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Midwater Ecology Expedition Fall 2019 – Log 5

The common sea nettle or Chrysaora being eaten by Rathbunaster

Midwater Ecology Expedition Fall 2019 – Log 5

Henk-Jan and Stella Scheer

Deepstaria and its commensal isopod Anuropus

We are guest scientists from GEOMAR Helmholtz Centre for Ocean Research Kiel and are very happy to join the MBARI midwater expedition on the Western Flyer. During this week, we have been documenting and collecting a range of midwater animals. Such in situ observations provide much more than an image alone. For example, by studying animals in their natural habitat, associations between organisms can be observed. A good example of such an association we came across early in the cruise and involved the presumably commensalistic association between the large medusa Deepstaria enigmatica and the giant isopod Anuropus. Repeated observations of this large medusa show that there is always a single isopod inside the bell of Deepstaria. Many gelatinous species are hosts for amphipod symbionts, and on this cruise, we also found hyperiids on the jellyfish Periphylla periphylla and inside pyrosomes. Depending on the species of gelatinous zooplankton, the crustaceans use the host as a transport vehicle, as protection from predators, or as a source of food.

Astrid, Rob, Henk-Jan, and Kim ready for a night of midwater trawling after the ROV has returned to the R/V Western Flyer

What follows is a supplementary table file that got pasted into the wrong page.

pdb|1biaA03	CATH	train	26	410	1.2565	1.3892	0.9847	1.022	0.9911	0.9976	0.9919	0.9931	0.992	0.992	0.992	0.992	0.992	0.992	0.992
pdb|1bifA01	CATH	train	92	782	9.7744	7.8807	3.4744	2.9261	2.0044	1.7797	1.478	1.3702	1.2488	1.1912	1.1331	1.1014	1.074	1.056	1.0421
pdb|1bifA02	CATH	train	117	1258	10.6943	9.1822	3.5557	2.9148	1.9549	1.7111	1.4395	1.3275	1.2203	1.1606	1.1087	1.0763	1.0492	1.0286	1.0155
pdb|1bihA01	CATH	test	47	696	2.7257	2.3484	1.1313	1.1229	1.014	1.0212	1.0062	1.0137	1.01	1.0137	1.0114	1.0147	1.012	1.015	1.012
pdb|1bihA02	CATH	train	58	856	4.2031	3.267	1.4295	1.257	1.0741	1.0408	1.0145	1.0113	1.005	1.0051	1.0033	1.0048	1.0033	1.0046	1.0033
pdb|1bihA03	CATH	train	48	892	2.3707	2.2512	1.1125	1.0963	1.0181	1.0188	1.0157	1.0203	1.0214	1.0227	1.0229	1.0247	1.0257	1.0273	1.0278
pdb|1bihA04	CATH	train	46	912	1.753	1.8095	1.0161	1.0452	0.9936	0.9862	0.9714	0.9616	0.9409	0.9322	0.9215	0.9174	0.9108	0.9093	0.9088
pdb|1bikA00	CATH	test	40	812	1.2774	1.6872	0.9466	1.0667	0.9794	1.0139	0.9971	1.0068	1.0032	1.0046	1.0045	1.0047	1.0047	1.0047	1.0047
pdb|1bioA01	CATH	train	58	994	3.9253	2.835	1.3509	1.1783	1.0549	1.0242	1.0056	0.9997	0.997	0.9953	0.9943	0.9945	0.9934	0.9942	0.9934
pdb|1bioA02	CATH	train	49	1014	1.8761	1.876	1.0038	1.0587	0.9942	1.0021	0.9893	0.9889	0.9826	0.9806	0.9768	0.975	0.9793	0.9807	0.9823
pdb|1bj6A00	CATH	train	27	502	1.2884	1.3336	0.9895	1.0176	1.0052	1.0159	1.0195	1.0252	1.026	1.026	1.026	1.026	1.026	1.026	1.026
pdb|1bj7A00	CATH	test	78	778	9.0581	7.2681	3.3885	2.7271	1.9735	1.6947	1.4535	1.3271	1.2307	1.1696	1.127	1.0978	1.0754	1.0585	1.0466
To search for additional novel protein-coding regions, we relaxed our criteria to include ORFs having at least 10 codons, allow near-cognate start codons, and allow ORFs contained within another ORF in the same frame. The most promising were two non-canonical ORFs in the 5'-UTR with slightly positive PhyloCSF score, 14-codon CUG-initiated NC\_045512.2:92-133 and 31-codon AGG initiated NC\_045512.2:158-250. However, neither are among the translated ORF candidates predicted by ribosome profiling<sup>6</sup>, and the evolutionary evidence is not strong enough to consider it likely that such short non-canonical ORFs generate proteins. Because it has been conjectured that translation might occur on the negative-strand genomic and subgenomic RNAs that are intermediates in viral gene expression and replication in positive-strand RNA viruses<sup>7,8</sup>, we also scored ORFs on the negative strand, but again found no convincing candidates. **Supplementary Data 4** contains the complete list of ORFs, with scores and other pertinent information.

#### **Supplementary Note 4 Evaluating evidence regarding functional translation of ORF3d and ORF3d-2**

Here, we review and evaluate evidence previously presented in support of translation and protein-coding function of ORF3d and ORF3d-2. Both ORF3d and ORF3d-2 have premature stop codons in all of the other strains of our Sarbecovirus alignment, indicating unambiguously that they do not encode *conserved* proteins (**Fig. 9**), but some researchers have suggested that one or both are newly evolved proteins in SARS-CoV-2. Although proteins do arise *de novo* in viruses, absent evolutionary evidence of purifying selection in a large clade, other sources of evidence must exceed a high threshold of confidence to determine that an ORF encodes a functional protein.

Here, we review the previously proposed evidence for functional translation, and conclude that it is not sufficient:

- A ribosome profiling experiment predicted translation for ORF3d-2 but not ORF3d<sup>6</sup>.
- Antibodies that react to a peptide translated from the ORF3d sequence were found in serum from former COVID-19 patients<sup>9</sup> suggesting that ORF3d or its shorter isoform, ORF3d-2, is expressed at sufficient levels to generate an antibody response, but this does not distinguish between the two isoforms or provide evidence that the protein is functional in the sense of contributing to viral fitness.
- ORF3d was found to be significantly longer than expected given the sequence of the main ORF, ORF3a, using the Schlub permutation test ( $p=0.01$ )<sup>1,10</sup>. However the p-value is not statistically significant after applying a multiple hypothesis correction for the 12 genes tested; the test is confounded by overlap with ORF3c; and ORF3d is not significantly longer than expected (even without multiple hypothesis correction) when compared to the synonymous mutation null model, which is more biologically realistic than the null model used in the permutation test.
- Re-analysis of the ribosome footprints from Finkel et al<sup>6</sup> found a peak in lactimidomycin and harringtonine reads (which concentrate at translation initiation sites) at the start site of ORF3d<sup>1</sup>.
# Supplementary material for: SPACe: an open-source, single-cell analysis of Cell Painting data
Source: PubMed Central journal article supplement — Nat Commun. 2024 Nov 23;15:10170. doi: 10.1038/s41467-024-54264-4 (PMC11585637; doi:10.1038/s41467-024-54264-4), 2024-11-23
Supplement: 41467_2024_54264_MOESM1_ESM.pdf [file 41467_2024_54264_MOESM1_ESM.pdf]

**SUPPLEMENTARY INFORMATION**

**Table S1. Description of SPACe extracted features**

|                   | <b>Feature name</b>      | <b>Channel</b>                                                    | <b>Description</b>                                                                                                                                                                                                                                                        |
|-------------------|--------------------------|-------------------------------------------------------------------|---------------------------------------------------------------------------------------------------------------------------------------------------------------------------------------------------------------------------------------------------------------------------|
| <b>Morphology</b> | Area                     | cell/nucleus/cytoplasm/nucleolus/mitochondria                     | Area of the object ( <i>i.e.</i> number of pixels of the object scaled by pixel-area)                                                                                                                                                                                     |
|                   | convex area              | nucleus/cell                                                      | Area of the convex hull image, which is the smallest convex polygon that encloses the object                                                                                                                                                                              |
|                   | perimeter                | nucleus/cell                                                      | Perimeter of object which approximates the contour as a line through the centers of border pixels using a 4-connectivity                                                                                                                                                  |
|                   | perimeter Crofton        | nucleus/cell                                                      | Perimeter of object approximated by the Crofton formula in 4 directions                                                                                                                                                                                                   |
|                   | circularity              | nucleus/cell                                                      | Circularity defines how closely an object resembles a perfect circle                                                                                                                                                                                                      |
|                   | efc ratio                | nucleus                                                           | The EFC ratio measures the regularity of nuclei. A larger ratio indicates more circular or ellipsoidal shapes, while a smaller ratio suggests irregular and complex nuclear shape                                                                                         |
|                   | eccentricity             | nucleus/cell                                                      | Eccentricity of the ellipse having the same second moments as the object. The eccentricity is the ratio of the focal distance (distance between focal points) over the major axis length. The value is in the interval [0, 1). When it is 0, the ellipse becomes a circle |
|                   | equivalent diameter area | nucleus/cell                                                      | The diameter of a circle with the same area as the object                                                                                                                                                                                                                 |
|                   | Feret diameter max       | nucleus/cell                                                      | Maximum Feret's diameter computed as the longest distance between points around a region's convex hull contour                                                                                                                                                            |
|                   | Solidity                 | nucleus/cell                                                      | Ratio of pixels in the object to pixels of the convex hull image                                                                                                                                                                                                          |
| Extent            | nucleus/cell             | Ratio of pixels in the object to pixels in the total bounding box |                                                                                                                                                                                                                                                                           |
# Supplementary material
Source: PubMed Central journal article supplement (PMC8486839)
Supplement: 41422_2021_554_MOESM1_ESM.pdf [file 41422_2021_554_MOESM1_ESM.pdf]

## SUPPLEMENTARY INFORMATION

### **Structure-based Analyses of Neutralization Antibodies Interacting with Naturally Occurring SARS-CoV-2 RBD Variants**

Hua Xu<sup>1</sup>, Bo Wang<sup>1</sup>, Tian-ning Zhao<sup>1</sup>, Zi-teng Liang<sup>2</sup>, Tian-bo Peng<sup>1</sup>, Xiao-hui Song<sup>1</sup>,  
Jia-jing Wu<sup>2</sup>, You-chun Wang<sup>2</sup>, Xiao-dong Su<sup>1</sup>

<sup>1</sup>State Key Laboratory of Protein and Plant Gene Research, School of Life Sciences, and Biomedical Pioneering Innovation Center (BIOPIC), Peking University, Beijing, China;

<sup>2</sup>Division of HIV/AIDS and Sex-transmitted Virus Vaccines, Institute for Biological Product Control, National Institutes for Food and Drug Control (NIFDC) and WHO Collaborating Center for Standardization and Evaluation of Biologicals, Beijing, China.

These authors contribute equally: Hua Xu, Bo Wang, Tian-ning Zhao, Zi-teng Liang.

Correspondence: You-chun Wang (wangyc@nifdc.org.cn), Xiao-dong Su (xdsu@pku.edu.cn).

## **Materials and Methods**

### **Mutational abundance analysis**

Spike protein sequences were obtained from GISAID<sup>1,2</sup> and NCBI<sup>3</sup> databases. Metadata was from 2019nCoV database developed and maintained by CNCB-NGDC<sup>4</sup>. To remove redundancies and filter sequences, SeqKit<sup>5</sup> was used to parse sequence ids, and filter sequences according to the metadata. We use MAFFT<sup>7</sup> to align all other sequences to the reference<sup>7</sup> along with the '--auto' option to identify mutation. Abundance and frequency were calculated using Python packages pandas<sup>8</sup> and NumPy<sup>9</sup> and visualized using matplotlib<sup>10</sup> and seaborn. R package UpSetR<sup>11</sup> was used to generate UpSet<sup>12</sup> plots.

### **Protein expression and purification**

A major focus of our research visit is to study the connections between the midwater food web and the benthic food web (at the seafloor). When midwater animals die, the carcasses sink to the seafloor and, once deposited, the carcass becomes a so-called foodfall. The foodfall attracts a variety of benthic fauna including scavengers and create local areas of enrichment. For many deep-sea bottom ecosystems, the deposition of organic material from the water column onto the seafloor is the only source of food supply. However, we know little about which pelagic species are the major contributors of organic matter, and which scavengers benefit from the foodfalls. Observations of carcasses on the seafloor are very rare, in particular those of medium-sized animals since they are rapidly consumed (refer to Astrid’s cruise log). The ROV Doc Ricketts is a great instrument to study foodfalls. During previous MBARI cruises in the Gulf of California, the ROV surveys revealed that deep-sea squid sink to the seafloor and are eaten by various organisms including crustaceans and sea stars (https://www.mbari.org/squid-graveyard/).

The common sea nettle or Chrysaora being eaten by Rathbunaster

On this cruise we have been performing seafloor ROV surveys to document and quantify foodfalls and their scavenging communities. On the very first day we already came across a Chrysaora jellyfish being eaten by sea stars. This particular foodfall was especially interesting since we observed it on the steep canyon walls. Using the unique VARS database of over 25 years of deep-sea observations, we plan to make an overview of the variety of foodfalls in Monterey Bay. Although the weather on Tuesday did not allow us to perform ROV operations, we used the shelter time inshore to collect large specimens of Chrysaora for future foodfall experiments.

It is a great experience to study the fascinating deep-sea fauna in the Monterey Canyon with MBARI’s Midwater Ecology Group, the ROV pilots, and the Western Flyer crew. Thank you!

About Midwater Ecology Expedition Fall 2019

November 15-21, 2019 – The Midwater Ecology Group is studying and collecting midwater animals in conjunction with collaborators from GEOMAR Helmholtz Centre for Ocean Research and Auckland University.